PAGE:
The demand curve that a firm believes it faces has a kink at the current price P and quantity Q.

The kinked demand curve can be thought of as two demand curves.

• Above the price P, an individual firm is afraid of putting up prices. A price increase would, it assumes, not be matched by competitors, hence the demand curve above P is elastic. It will be remembered that if demand is elastic and price rises, revenue falls.
• Similarly, a price fall has the same effect on revenue. This time the firm imagines that dropping its own price leads to others dropping theirs. Overall, quantity demand increases as the demand curve slopes down, but the increase is less than proportionate. That is the demand curve below price P is inelastic.

The kink in the demand curve means that the MR curve is discontinuous at the current quantity - shown by the gap AB in the figure.

Fluctuations in MC that remain within the discontinuous portion of the MR curve leave the profit-maximizing quantity and price unchanged.

For example, if costs increased so that the MC curve shifted upward from MC0 to MC1, the profit-maximizing price and quantity would not change.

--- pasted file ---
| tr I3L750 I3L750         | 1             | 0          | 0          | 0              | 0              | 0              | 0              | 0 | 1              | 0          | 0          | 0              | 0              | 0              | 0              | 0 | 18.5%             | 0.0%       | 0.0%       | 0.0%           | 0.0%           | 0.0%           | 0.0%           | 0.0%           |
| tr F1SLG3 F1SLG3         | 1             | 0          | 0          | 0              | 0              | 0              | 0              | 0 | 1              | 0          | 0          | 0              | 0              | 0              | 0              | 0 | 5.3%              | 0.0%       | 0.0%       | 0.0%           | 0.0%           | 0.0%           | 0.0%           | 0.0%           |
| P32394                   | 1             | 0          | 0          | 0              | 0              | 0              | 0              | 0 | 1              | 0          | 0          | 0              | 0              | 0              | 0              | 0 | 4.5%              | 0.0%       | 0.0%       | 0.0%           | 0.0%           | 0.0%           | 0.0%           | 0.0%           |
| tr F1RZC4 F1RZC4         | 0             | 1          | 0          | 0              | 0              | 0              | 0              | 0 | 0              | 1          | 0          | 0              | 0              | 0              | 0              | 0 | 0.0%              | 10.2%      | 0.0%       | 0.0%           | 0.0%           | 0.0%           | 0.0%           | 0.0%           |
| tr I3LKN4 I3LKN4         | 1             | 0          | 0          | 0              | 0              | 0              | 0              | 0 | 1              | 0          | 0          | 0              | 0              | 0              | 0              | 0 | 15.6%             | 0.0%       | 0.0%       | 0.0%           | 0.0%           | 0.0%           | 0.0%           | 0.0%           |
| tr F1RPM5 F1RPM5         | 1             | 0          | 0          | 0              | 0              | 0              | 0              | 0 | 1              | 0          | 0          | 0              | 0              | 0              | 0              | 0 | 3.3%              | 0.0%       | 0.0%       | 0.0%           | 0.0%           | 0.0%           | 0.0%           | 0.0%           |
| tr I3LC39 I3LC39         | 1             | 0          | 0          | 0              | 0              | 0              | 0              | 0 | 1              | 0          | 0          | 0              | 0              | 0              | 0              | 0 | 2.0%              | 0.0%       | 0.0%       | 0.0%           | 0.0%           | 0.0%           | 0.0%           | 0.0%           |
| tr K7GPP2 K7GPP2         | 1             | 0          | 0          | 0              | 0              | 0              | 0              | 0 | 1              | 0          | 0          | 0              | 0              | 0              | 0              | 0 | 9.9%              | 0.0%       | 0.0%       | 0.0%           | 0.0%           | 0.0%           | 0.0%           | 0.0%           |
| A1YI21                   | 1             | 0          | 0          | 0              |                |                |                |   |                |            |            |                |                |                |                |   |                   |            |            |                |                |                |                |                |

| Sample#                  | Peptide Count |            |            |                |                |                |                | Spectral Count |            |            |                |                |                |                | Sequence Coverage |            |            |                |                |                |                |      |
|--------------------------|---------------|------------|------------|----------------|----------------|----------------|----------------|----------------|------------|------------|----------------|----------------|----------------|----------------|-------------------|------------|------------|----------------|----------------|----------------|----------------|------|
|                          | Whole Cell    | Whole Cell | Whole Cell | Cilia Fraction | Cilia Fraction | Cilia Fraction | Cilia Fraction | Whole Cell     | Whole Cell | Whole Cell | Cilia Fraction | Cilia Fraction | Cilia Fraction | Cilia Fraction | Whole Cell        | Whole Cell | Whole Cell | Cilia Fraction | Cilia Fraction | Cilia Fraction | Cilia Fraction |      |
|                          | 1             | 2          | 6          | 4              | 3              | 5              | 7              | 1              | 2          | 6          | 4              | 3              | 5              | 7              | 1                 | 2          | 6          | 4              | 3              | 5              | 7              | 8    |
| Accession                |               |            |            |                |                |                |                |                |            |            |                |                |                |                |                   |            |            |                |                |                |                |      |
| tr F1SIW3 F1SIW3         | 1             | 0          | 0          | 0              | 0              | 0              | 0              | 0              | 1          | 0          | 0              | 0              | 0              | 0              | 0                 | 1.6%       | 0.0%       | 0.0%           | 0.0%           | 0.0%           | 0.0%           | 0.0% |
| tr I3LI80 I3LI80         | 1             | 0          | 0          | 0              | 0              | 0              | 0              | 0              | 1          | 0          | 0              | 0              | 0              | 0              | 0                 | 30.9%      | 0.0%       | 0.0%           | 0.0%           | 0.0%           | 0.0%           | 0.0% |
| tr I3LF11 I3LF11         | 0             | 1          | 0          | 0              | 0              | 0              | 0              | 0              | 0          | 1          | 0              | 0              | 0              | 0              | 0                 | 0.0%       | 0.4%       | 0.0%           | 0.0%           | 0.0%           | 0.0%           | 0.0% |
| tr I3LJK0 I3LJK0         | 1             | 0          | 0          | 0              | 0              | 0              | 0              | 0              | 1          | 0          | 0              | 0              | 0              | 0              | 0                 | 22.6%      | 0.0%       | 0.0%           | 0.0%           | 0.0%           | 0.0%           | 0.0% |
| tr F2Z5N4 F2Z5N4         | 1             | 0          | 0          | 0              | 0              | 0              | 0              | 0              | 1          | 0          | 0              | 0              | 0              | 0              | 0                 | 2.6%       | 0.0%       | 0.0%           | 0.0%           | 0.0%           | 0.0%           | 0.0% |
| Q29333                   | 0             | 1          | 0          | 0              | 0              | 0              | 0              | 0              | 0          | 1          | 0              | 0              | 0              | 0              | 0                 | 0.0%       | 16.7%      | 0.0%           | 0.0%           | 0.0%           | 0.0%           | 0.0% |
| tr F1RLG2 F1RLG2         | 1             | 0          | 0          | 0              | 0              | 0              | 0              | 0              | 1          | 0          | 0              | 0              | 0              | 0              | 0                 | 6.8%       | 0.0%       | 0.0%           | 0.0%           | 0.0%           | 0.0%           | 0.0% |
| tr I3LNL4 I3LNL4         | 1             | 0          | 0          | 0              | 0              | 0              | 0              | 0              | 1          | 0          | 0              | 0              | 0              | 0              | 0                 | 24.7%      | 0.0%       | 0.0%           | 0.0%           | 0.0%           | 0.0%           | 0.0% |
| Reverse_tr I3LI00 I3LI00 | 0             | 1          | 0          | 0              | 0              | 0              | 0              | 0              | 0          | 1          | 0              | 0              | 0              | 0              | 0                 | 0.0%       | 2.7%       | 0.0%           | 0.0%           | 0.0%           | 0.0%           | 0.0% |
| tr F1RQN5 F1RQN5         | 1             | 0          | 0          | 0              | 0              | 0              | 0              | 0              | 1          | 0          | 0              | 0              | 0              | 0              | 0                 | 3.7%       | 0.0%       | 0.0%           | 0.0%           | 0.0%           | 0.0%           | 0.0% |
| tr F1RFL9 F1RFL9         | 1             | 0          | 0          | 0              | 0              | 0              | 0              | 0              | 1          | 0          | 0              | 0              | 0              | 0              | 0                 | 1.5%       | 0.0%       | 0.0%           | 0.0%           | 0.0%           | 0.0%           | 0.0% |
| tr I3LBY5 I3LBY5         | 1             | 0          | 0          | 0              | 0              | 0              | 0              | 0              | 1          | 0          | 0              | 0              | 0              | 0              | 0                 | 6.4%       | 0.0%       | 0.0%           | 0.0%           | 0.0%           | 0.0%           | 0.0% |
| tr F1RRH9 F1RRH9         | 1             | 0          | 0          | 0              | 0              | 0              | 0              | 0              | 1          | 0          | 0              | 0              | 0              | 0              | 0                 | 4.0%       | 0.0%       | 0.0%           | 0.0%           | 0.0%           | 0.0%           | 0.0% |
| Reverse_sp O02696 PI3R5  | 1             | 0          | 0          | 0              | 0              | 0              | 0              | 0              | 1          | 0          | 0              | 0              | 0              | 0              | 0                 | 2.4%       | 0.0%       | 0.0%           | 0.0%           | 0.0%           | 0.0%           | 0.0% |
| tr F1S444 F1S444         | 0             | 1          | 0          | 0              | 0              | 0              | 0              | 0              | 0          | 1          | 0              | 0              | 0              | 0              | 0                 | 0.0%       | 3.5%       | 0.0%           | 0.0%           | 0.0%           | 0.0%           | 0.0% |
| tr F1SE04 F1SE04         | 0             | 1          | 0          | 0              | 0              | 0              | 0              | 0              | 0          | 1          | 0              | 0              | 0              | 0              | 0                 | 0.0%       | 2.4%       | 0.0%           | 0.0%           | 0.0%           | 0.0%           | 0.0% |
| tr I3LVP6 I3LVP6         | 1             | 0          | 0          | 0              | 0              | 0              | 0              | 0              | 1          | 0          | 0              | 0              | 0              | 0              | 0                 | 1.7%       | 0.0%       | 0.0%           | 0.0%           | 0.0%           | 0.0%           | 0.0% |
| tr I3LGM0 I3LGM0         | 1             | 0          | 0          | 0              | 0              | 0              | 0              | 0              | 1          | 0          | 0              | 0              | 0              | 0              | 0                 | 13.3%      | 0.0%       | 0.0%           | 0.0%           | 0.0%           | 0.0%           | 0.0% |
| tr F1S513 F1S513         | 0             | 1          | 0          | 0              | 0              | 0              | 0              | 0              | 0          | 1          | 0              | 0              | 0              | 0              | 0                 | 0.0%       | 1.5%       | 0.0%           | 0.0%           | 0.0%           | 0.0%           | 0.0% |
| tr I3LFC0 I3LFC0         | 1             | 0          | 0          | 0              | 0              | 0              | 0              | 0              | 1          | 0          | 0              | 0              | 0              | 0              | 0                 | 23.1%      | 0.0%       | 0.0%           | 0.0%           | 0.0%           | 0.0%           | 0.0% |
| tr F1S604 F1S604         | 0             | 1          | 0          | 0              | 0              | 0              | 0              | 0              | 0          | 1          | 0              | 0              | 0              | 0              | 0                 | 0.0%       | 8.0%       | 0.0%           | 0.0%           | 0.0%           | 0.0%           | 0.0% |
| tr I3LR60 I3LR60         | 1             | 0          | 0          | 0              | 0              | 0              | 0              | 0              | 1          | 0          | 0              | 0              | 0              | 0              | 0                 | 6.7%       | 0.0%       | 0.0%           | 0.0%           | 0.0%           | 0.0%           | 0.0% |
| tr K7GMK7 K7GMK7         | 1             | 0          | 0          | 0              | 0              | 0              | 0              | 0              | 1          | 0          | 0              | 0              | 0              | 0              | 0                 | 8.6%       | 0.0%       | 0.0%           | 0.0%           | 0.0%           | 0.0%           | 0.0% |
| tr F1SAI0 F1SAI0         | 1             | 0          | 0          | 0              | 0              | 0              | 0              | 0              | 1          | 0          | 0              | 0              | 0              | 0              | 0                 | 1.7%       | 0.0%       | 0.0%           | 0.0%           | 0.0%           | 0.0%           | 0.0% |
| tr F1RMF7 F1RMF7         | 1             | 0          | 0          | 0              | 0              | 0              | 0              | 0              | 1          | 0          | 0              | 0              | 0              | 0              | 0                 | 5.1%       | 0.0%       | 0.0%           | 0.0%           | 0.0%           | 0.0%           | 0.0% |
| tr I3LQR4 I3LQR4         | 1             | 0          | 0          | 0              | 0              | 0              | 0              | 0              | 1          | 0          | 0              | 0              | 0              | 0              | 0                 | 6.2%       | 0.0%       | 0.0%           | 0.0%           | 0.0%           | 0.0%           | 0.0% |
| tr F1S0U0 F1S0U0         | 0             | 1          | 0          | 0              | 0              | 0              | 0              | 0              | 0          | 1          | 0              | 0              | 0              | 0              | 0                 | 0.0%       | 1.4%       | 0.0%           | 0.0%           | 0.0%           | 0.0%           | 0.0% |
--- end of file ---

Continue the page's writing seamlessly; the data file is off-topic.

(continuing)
The beliefs that generate the kinked demand curve are not always correct and firms can figure out this fact. If MC increases enough, all firms raise their prices and the kink vanishes.

2. The assumption of the Cournot...

Annotation 1417886436620

Subject 5. Monopoly
#cfa #cfa-level #economics #has-images #microeconomics #reading-16-the-firm-and-market-structures
Literally, monopoly means "single seller." It is a market structure characterized by:

• High entry barriers.
• A single seller of a well-defined product for which there are no good substitutes.

Barriers to entry include legal or natural constraints that protect a firm from potential competitors.

• Legal barriers to entry create a legal monopoly, a market in which competition and entry are restricted by the granting of a: